The Vatican announced in December 2002 it would open its archives relating to interactions with Nazi Germany from 1922–39 to scholars. The Catholic Church has been criticized for not doing enough to stop the persecution of Jews during the Holocaust.
Following the eruption of sex scandals in the United States regarding pedophile priests, John Paul II called for an emergency meeting with US cardinals in April 2002. US bishops had approved a "zero tolerance" policy on priests accused of sexual abuse, which would have priests suspended immediately following an accusation of abuse, but the Vatican demanded certain protections for the rights of priests.
In May 2003, the Vatican officially confirmed the pope suffered from Parkinson's disease. Despite his illness and his suffering from severe arthritis, John Paul II continued to travel exhaustively until his death on 2 April 2005.
Cardinal Joseph Ratzinger, a close confidante of John Paul II, was chosen on 19 April 2005 as the next pope, and was given the name Pope Benedict XVI. Ratzinger, originally from Cologne, Germany, was 78 years old at the time of his election; this made him the oldest pope ever elected. He predicted that his tenure would be short and that his primary purpose would be to complete John Paul II's work. He was formally installed as pope on 24 April 2005. As a cardinal, Ratzinger was known as a hard-line advocate of Vatican orthodoxy. He strongly opposed abortion, homosexuality, and religious pluralism. A long-time friend and ally of John Paul II, Ratzinger's selection as pope was greeted with dismay by more liberal factions within the Catholic Church. Many feared that he would divide, rather than unite, Catholics worldwide. In the early months of his papacy, Pope Benedict XVI supported the conservative stance of his predecessor. In May 2005, Benedict XVI called on voters in Italy to boycott a referendum that would repeal restrictions on artificial insemination and embryonic research. However, in October 2005, the Vatican completed a document that appeared to relax its stance against homosexuality somewhat. A change in policy on those entering the priesthood suggested that gay men who had lived a chaste life for at least three years prior to their admission to a seminary would be eligible. Previously, the Vatican banned homosexuals from priesthood, regardless of their status.
The pope is simultaneously the absolute sovereign of the Vatican City State and the head of the Roman Catholic Church throughout the world. Since 1984, the pope has been represented by the cardinal secretary of state in the civil governance of Vatican City. In administering the government of the Vatican, the pope is assisted by the Pontifical Commission for the Vatican City State. Religious affairs are governed under the pope's direction by a number of ecclesiastical bodies known collectively as the Roman Curia.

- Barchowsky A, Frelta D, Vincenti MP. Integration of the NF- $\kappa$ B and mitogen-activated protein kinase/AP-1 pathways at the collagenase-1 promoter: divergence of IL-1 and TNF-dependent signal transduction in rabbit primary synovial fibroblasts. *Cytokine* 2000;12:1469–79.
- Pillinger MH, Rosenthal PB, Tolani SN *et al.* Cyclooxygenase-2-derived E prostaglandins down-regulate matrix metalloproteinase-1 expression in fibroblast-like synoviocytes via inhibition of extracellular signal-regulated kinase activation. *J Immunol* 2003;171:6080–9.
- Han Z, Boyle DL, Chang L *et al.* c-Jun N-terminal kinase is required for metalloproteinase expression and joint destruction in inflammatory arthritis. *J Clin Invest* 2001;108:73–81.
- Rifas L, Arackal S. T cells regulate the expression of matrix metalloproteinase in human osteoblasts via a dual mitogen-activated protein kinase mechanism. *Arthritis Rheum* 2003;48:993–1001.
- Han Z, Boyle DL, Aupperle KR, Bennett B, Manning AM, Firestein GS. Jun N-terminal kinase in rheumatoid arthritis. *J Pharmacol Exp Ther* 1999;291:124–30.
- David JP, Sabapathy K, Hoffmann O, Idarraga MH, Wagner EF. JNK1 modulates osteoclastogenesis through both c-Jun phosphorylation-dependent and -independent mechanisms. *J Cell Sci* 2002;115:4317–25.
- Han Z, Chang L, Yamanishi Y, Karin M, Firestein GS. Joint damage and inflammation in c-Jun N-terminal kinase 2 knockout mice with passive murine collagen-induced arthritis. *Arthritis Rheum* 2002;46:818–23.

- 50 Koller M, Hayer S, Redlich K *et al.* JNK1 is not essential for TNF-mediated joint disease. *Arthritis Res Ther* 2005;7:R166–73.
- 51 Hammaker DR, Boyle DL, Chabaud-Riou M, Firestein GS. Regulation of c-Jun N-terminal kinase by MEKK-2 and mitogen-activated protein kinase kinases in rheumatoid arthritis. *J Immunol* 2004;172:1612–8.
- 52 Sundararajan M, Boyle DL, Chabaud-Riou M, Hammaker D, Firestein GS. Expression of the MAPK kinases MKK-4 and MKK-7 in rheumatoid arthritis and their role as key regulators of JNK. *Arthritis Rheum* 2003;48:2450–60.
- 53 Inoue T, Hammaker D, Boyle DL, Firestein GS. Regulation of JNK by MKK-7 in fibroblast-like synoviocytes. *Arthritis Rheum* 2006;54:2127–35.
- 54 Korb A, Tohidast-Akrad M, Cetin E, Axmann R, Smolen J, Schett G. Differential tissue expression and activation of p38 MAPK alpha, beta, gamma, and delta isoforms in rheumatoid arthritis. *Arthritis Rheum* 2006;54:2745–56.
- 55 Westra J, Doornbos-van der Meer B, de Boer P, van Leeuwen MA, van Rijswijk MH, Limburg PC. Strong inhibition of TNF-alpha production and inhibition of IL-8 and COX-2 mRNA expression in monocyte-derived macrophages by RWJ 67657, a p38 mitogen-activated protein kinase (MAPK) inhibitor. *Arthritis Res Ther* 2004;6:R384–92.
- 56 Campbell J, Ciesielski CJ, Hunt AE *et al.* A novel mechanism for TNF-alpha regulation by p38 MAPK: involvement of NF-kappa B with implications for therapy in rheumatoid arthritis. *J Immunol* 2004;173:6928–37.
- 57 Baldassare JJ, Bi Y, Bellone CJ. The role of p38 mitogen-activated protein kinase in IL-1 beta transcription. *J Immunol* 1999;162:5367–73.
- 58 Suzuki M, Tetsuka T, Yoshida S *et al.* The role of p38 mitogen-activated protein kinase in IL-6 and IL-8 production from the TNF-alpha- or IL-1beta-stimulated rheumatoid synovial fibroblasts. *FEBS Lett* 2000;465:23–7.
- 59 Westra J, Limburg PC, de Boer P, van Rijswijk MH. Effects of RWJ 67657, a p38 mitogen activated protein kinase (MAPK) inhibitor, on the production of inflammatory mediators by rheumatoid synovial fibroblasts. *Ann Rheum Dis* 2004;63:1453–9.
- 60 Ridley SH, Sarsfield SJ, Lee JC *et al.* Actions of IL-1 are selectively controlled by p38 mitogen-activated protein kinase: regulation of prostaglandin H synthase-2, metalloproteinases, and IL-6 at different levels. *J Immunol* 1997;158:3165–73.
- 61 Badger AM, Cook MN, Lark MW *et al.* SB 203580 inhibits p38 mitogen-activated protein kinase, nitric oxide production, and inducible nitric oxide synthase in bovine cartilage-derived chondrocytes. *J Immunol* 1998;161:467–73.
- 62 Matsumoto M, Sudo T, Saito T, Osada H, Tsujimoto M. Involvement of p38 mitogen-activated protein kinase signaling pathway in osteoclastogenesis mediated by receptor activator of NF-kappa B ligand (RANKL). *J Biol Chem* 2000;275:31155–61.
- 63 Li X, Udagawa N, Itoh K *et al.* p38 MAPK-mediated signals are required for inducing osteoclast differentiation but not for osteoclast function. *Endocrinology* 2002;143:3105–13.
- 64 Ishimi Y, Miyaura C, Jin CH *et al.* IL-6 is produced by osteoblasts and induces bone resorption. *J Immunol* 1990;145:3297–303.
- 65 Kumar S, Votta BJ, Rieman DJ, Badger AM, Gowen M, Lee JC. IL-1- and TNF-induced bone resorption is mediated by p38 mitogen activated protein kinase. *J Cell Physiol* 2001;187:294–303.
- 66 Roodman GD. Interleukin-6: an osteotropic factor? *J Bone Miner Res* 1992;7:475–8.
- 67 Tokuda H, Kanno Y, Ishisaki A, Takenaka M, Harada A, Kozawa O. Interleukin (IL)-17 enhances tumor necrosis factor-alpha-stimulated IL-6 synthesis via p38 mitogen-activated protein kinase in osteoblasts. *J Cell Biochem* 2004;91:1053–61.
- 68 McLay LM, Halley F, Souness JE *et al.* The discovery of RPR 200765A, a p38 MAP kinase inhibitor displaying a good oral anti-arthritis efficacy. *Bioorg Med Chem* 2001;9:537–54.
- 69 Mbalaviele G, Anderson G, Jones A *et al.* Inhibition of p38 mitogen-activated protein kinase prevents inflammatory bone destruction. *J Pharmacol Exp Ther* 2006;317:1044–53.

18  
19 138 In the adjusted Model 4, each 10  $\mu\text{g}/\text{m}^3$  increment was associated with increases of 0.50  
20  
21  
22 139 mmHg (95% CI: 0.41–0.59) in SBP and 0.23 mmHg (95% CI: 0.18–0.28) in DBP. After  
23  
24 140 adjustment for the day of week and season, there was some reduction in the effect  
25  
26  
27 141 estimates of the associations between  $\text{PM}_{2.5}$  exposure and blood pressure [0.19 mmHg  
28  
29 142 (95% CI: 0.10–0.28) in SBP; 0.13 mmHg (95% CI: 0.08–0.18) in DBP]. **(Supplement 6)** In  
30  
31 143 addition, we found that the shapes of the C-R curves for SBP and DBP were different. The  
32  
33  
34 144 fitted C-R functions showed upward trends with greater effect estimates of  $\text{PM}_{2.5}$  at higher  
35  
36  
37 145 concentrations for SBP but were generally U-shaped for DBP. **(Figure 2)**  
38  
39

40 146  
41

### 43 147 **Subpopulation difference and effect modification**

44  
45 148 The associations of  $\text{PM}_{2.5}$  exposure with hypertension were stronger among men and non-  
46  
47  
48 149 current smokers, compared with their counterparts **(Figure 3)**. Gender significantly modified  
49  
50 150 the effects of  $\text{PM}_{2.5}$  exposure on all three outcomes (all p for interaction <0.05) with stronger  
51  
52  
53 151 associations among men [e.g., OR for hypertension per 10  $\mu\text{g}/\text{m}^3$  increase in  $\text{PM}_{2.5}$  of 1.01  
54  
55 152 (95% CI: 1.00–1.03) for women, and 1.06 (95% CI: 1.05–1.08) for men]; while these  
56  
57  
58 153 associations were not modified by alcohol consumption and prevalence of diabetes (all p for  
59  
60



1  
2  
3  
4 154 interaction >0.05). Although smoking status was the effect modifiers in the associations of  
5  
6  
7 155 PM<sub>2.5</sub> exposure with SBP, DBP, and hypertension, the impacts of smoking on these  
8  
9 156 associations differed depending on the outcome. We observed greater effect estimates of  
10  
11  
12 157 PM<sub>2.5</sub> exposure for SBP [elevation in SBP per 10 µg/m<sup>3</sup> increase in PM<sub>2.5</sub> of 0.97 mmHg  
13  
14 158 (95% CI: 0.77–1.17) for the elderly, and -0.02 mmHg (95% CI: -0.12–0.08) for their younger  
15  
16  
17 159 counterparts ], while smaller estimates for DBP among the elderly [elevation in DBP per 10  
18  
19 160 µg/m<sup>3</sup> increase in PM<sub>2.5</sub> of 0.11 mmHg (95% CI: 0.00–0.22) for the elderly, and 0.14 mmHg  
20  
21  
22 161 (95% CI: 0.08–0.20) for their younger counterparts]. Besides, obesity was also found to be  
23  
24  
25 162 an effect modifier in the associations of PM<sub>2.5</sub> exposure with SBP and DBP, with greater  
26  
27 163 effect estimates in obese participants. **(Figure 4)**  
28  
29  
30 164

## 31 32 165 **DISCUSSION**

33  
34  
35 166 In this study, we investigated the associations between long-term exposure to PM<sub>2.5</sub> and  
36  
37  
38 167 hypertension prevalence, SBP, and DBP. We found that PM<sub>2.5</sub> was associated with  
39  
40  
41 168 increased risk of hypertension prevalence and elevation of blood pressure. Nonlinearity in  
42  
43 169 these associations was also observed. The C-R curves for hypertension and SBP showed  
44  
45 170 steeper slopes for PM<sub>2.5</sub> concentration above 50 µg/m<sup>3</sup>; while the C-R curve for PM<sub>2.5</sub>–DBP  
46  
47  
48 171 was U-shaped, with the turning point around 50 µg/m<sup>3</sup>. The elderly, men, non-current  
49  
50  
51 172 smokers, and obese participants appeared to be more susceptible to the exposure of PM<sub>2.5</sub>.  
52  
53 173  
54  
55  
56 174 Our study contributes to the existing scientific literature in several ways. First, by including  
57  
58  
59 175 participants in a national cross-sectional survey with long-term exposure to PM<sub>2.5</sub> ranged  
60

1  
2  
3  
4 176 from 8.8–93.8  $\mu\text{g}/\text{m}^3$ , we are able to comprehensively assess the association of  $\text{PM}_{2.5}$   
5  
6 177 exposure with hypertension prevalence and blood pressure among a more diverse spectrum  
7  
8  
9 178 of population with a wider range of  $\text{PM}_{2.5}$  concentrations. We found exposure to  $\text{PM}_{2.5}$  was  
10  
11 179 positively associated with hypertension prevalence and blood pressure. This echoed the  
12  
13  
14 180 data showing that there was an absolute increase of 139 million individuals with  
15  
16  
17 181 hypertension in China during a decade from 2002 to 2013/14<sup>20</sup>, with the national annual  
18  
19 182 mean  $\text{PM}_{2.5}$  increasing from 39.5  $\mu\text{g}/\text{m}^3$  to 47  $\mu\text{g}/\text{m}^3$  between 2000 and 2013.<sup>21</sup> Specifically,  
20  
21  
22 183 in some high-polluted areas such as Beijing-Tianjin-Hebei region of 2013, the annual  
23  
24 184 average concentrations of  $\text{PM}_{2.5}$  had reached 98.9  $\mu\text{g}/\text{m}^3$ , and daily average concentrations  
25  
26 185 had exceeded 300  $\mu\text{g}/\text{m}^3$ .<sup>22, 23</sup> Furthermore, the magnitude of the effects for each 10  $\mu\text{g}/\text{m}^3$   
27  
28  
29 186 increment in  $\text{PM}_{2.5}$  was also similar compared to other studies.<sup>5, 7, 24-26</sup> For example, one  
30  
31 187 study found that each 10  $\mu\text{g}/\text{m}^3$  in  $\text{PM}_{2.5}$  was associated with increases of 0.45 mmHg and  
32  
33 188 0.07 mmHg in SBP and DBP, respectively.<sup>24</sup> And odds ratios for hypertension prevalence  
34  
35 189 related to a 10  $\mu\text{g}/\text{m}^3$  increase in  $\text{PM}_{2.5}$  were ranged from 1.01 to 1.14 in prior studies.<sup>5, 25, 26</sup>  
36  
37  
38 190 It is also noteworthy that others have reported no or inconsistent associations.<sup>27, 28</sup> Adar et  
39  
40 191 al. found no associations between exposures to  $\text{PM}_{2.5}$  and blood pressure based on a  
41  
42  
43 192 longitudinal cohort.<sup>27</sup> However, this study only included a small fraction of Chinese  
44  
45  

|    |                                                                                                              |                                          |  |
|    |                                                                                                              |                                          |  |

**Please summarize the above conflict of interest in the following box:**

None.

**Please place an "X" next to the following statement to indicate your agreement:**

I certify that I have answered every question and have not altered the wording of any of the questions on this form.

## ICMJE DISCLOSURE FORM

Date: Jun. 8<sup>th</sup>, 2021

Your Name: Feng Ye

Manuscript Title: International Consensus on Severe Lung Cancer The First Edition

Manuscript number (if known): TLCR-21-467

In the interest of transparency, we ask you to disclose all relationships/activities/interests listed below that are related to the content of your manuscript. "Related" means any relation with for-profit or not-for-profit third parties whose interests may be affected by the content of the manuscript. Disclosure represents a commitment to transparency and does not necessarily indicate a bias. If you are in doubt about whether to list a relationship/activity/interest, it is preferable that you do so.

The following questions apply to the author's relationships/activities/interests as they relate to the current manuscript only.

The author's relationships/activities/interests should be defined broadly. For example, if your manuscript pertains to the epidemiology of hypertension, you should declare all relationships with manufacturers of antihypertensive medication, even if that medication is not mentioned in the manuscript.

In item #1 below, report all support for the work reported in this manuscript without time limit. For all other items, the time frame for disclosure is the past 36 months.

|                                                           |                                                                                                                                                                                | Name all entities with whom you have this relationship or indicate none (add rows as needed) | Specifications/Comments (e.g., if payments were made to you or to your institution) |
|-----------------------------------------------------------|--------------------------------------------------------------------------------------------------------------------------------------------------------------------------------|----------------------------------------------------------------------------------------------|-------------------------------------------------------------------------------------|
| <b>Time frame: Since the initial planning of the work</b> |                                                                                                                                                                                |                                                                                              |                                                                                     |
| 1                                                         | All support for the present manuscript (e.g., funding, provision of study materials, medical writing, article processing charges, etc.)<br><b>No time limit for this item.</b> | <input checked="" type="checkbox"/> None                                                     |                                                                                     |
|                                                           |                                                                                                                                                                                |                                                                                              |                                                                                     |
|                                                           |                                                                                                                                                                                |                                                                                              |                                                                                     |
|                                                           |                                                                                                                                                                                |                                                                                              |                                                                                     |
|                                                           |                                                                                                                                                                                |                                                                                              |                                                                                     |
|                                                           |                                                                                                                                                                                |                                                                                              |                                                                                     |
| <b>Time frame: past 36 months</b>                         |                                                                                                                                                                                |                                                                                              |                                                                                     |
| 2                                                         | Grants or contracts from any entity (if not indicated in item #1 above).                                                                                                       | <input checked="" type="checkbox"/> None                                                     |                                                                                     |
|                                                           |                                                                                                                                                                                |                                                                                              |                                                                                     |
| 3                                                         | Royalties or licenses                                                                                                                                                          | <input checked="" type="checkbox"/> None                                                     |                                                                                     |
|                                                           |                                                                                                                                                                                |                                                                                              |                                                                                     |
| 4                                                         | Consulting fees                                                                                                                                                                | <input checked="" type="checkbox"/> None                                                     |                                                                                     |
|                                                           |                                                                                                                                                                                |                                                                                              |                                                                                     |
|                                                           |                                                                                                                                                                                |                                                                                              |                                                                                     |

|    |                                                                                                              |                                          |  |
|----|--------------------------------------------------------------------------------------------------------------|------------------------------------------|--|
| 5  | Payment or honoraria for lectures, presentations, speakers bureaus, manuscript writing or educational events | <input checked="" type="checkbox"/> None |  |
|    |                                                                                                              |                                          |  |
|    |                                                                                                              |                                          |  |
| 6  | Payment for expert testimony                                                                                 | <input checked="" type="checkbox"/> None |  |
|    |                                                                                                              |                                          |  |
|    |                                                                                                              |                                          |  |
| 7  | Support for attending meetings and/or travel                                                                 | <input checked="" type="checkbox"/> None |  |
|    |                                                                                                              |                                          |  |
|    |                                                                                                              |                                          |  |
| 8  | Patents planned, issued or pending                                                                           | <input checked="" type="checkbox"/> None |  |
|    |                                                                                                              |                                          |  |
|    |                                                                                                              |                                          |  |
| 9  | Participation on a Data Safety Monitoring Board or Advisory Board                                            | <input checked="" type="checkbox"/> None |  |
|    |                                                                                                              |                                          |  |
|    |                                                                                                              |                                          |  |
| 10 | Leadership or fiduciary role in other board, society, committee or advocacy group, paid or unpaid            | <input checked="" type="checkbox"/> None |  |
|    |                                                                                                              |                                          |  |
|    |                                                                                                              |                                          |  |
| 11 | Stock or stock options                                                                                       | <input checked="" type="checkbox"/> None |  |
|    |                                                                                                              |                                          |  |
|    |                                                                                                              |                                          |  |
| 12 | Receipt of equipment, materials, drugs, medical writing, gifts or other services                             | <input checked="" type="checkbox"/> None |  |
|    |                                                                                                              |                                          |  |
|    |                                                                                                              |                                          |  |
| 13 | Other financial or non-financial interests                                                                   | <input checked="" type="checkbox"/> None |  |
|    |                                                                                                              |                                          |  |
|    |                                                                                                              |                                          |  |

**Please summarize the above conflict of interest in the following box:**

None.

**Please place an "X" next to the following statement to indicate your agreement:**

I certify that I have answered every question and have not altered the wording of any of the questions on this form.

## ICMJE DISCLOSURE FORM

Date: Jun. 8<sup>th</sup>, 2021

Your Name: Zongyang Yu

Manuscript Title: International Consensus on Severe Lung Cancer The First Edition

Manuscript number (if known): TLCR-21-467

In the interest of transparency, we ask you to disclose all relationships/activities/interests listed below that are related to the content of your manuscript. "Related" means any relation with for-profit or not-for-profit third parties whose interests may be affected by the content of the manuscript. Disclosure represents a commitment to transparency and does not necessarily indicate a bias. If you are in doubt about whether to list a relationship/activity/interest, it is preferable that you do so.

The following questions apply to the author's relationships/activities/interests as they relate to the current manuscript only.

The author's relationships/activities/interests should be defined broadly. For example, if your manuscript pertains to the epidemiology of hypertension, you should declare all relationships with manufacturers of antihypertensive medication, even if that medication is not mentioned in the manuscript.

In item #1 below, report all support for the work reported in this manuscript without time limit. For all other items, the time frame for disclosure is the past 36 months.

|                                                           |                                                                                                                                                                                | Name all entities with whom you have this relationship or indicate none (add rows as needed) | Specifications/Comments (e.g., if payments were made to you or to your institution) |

The Pontifical Commission consists of seven cardinals and a lay special delegate, assisted since 1968 by a board of 21 lay advisers. Under the commission are the following: a central council (heading various administrative offices); the directorships of museums, technical services, economic services (including the postal and telegraph systems), and medical services; the guard; the Vatican radio system and television center; the Vatican observatory; and the directorship of the villa at Castel Gandolfo, the traditional summer residence of popes.
Much of the work of the Roman Curia is conducted by offices called sacred congregations, each headed by a cardinal appointed for a five-year period. These are the Sacred Congregation for the Doctrine of the Faith (responsible for faith and morals, including the examination and, if necessary, prohibition of books and other writings), the Sacred Congregation for Bishops (diocesan affairs), the Sacred Congregation for the Eastern Churches (relations between Eastern and Latin Rites), the Sacred Congregation for the Sacraments, the Sacred Congregation for Divine Worship, the Sacred Congregation for the Clergy, the Sacred Congregation for Religious Orders and Secular Institutes (monastic and lay communities), the Sacred Congregation for the Evangelization of Peoples (missions), the Sacred Congregation for the Causes of Saints (beatification and canonization), and the Sacred Congregation for Catholic Education (seminaries and religious schools). There are also secretariats for Christian unity, non-Christians, and nonbelievers, and there are permanent and temporary councils and commissions for various other functions.
A pope serves from his election until death. On his decease, the College of Cardinals is called into conclave to choose a successor from their number. The usual method is to vote on the succession; in this case, the cardinal who receives two-thirds plus one of the votes of those present is declared elected. Pending the election, most Vatican business is held in abeyance.
Before the reign of Pope John XXIII, the size of the College of Cardinals was limited to 70. Pope John raised the membership to 88, and his successor, Pope Paul VI, increased the number to 136. Paul VI also decreed that as of 1 January 1971, cardinals would cease to be members of departments of the Curia upon reaching the age of 80 and would lose the right to participate in the election of a pope. In 2001, Pope John Paul II created 44 new cardinals, and the number of cardinals in the college at that time was 184, representing 68 countries. The 2005 conclave to select John Paul II's successor included 117 cardinals.